The thing that bothers me is the stuff they show that never ends up getting released or is still years away, why overshadow the sets you are going to be releasing this year with tech that's still over a year or longer from release? makes no sense. Like that saumsung set that uses a ton of micro LED's, I believe sony had something similar to that a few years ago and then never talked about it again. I love the idea of the tech, basically getting OLED performance without any of the potential problems but why show it now if it's not coming until at least 2019?
 

JinCA

Well-Known Member
Sep 11, 2013
9,904
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#15
so samsung tv's going to support vrr? are these 2018 modules and when do the usually come out?
I think in the video the guy said the 2018 QLED's will support it, not sure about a release date though. I hope they also support Dolby Vision, with Sony jumping on board it seems that Samsung is the only major manufacturer that's holding out unless they've announced it and I've just missed it.
 

karmakid

the illusive one ^^,
Sep 11, 2013
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#17

LMAO I felt the guy was putting on a bit of an act with his monotone mode of speaking, so I watched his Scorpio unboxing and lol the dude just rolls with it in the intro. Sorry Bellybama hes my new spirit animal ;)
 

Bellybama

#PoshSpiceOnlySpice
Sep 18, 2013
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#18
LMAO I felt the guy was putting on a bit of an act with his monotone mode of speaking, so I watched his Scorpio unboxing and lol the dude just rolls with it in the intro. Sorry Bellybama hes my new spirit animal ;)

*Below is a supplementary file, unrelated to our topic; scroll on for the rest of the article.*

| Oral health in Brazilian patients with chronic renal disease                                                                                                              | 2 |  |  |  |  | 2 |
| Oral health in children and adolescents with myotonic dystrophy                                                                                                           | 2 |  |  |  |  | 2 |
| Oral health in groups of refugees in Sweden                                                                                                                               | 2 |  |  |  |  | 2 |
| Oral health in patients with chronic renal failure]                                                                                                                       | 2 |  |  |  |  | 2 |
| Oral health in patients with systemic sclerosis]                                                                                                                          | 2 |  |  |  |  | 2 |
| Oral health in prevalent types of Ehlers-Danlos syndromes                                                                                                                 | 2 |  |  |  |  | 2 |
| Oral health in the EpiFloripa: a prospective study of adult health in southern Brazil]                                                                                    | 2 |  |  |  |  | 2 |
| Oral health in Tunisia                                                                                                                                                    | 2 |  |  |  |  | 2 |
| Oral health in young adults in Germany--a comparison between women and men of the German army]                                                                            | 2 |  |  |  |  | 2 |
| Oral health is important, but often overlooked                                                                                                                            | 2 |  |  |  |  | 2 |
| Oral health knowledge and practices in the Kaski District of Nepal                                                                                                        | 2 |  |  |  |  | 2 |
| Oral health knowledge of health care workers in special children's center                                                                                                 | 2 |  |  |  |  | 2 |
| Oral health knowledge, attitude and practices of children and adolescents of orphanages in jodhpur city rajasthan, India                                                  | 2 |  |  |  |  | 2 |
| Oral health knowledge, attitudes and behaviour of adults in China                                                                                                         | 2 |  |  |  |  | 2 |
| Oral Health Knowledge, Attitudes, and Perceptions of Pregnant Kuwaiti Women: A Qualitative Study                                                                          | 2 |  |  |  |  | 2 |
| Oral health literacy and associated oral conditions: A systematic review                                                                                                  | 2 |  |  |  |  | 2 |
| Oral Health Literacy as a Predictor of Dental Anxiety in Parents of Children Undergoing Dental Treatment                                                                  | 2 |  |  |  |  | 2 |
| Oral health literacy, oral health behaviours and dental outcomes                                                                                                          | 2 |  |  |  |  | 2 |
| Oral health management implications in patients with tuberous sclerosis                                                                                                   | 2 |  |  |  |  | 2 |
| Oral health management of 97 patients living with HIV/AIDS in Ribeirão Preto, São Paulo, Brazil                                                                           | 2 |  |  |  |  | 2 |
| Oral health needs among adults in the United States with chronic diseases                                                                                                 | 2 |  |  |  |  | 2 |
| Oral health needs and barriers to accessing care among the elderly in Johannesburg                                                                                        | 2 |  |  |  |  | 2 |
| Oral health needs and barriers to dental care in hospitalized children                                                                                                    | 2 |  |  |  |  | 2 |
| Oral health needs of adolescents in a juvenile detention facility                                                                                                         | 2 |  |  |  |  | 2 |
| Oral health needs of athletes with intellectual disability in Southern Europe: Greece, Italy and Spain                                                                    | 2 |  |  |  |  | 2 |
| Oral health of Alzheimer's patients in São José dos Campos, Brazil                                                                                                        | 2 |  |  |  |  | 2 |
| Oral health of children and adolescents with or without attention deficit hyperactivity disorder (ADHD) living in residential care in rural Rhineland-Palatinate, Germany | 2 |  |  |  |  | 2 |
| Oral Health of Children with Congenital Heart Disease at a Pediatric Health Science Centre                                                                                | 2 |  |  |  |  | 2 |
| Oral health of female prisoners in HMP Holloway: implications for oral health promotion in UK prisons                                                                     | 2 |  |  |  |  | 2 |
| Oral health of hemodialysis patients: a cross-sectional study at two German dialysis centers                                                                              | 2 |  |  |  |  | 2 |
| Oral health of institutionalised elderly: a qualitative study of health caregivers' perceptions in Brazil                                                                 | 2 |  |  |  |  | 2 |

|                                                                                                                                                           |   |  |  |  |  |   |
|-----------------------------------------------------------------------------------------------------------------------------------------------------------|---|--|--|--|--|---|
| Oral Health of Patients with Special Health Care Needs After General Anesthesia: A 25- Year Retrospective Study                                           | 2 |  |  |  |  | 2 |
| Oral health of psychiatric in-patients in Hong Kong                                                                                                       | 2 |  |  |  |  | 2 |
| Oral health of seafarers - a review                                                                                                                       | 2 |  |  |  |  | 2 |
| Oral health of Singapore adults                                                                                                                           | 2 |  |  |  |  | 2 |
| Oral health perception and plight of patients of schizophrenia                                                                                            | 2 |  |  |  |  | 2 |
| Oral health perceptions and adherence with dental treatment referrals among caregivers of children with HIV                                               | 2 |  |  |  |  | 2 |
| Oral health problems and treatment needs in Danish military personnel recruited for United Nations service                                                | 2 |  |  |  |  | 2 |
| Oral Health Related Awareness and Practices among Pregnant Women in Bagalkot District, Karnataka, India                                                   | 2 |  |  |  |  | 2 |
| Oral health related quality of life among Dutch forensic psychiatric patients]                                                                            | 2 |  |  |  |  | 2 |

I don't blame you man! The dude is a total Rockstar!

Can you imagine what his sex tape would be like!?
 

Rollins

Well-Known Member
Sep 11, 2013
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#19
http://www.avsforum.com/8k-tv-is-coming-what-you-need-to-know/

8K TV is Coming: What You Need to Know
by Mark Henninger on January 30, 2018

8K is coming. 2018 is the year 8K UHD TVsarrived in production-ready form at the annual CES in Las Vegas. These are typically very large TVs, measuring 85″ and up, which is fine since there’s hardly any point in making a small 8K TV screen. Granted, Dell already sells a 32″ 8K monitor (the UltraSharp 32 for $3700) but people are used to sitting close to monitors. Anyhow, by definition 8K UHD TVssport boundary-pushing specifications including the all-important 7680 x 4320 resolution.

While some anachronistic videophiles may bemoan the leap in resolution as unnecessary, the fact is that when it comes to displays, there’s no such thing as “too many pixels.” So when the first 8K TVs finally go on sale— the Samsung Q9S could very well earn that honor—don’t fret because you can’t rent 8K movies from Amazon (yet). The first 8K production cameras are either here today (from Red) or on the way (from Canon), and more are sure to follow.